When Donald J. Trump became the 45th President of the United States, the man who called himself a “populist” lost the popular vote to Hillary Clinton. Over three million more voters did not support the draconian policies and vile language he uttered during the campaign. But White ultra-nationalist, fascist leaders, evangelicals, and many of their followers supported the Trump candidacy and celebrated his victory. For example, a white nationalist conference held on November 19, 2016, at the Ronald Reagan Building headlined by neo-Nazi Richard Spencer, greeted attendees with a tribute to then-President-elect Trump shouting “Hail Trump! Hail victory!” from the stage. Then, before all in attendance, Spencer gestured in a traditional Nazi straight-arm salute.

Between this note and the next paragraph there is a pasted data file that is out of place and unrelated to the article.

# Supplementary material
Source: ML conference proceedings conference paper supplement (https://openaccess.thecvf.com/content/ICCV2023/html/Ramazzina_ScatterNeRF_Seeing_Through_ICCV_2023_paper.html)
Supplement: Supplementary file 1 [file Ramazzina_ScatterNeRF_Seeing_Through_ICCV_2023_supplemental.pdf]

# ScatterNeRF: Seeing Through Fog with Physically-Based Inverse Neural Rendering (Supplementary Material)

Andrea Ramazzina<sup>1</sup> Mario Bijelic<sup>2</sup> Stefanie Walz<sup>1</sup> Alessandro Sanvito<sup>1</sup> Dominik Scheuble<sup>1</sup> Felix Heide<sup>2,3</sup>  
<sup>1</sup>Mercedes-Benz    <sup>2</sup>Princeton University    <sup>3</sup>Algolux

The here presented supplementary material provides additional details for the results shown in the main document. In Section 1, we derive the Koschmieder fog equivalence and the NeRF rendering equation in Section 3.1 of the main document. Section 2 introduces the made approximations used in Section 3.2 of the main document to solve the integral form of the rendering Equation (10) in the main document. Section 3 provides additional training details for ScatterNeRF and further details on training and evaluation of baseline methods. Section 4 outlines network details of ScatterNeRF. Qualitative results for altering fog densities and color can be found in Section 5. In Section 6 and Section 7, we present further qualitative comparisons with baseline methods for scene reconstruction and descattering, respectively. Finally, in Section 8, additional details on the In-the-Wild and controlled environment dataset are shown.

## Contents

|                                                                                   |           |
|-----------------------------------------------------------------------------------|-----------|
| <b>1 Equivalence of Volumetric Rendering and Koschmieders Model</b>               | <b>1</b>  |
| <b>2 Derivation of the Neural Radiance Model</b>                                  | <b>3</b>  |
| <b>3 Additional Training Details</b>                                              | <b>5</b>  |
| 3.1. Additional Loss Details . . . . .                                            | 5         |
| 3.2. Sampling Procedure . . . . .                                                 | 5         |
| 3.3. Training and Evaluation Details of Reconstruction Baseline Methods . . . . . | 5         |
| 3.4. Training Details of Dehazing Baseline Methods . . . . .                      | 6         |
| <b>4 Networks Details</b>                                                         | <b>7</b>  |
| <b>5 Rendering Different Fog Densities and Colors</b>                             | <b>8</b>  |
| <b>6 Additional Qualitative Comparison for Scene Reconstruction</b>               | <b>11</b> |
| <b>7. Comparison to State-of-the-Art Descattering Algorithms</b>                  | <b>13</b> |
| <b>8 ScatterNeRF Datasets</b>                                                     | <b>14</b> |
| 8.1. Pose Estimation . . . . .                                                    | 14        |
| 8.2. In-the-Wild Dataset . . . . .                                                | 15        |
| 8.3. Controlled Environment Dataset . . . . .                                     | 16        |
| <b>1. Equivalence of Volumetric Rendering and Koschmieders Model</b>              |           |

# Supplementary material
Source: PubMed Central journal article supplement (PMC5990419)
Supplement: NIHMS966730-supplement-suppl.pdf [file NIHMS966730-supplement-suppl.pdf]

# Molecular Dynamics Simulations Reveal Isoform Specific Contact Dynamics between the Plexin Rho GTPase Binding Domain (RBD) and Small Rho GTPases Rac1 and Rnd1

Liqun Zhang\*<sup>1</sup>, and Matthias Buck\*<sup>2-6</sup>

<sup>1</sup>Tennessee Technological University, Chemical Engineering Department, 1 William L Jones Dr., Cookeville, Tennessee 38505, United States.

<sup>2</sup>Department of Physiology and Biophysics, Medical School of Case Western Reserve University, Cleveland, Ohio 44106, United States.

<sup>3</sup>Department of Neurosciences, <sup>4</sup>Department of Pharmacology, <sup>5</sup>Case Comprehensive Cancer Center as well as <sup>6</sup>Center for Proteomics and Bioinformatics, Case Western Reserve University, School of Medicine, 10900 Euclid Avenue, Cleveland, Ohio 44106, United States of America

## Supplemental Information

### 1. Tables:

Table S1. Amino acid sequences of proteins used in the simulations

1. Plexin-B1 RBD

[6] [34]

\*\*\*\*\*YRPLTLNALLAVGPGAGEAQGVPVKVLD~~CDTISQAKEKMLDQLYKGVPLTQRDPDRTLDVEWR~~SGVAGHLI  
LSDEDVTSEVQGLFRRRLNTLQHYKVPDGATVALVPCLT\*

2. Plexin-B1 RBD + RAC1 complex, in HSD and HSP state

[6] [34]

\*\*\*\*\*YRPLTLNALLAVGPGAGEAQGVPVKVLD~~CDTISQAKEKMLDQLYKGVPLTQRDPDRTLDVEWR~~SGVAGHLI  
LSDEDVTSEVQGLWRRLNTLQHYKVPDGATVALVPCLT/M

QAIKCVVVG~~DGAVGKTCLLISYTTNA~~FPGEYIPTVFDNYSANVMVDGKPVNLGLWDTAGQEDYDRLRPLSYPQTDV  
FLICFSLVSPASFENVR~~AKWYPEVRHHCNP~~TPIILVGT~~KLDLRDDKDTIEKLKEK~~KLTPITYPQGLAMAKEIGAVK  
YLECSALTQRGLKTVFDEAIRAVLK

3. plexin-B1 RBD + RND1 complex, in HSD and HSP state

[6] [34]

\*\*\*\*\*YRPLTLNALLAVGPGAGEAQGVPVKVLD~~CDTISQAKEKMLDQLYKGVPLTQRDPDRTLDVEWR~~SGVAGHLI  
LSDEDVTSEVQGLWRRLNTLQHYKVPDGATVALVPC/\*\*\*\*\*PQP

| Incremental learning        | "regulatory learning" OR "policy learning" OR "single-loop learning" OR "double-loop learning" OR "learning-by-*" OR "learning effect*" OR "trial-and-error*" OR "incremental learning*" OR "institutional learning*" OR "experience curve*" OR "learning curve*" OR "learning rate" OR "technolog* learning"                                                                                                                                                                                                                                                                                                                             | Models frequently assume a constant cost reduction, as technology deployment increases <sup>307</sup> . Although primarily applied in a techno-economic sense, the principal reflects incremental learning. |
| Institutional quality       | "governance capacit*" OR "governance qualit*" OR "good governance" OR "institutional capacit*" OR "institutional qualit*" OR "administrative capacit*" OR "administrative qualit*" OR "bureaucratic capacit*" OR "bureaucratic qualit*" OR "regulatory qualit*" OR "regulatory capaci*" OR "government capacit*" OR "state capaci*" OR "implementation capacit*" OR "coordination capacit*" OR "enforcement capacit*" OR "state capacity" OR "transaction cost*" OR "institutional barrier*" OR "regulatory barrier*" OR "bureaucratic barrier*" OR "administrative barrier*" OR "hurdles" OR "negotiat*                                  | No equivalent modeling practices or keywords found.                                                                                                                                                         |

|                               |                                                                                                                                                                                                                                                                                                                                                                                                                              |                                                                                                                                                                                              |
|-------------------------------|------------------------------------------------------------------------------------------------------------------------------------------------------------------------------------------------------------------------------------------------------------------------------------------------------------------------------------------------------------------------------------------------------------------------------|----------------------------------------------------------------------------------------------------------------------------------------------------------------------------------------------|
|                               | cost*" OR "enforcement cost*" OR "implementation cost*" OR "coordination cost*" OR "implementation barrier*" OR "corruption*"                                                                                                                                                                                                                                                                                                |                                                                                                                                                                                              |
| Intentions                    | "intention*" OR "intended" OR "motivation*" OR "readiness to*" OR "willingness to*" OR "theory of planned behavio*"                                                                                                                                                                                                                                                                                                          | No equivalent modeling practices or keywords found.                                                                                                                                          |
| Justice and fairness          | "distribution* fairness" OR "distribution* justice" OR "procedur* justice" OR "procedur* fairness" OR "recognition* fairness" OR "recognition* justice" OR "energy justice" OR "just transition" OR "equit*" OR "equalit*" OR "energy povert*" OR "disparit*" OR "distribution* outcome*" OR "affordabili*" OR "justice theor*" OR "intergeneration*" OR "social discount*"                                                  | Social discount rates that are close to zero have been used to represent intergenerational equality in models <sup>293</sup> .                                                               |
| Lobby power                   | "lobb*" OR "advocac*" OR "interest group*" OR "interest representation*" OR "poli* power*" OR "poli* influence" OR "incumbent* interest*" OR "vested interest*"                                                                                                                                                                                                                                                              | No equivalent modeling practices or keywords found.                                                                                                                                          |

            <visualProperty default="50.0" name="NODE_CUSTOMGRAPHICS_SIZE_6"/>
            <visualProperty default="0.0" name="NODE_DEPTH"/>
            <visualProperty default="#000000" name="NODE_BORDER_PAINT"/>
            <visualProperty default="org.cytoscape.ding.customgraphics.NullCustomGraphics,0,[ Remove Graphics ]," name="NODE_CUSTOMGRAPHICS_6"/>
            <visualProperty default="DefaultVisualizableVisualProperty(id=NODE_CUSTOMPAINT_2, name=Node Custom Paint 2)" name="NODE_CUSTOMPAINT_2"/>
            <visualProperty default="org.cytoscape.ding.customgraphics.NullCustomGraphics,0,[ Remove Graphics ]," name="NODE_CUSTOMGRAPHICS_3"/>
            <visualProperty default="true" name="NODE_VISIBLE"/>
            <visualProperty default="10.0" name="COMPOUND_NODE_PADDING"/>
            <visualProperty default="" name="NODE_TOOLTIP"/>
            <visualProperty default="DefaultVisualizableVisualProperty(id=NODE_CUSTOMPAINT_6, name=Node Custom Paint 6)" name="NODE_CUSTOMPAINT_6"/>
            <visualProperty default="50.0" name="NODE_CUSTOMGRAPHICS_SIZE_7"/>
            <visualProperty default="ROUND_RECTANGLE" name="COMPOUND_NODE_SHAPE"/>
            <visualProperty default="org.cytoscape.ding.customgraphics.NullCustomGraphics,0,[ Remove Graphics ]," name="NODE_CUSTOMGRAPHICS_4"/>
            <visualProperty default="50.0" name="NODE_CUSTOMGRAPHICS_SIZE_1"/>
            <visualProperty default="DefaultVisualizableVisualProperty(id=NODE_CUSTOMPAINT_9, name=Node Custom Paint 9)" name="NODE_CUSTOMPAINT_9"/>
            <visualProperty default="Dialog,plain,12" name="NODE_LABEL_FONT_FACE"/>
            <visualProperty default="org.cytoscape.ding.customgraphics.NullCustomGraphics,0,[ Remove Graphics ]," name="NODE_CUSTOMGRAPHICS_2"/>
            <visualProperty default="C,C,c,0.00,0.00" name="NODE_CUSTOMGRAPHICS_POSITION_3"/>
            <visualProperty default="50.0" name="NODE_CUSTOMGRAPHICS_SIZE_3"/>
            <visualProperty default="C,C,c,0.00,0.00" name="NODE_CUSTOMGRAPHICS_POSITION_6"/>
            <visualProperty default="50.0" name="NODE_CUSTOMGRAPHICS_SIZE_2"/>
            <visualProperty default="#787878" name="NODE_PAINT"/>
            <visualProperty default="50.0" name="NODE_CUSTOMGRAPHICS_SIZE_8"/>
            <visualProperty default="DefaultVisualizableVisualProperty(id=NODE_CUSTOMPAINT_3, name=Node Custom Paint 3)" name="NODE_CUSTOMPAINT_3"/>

Another example is when Trump defended the white nationalists who protested in Charlottesville saying they included “some very fine people on both sides,” while expressing sympathy for their demonstration against the removal of a statue of Confederate General Robert E. Lee. In August 2020, Trump addressed the baseless, far-right QAnon conspiracy theory saying he didn’t know much about the online community and its followers other than “they like me very much.” In response to a question about the conspiracy community, Trump added, “I heard that these are people who love our country.” When a reporter partially summed up the conspiracy theory to him — that it revolves around a false narrative that Trump is leading a secret, government-led charge against pedophiles, cannibals, and satanic worshippers — Trump responded: “Is that supposed to be a bad thing?” Trump said, “If I can help save the world from problems, I’m willing to do it.” He’s willing to do anything to stay in power. And, let’s not forget he refused in the first presidential debate to denounce white supremacists and instead told the violent far-right, neo-fascist and male-only Proud Boys to “stand back and stand by.”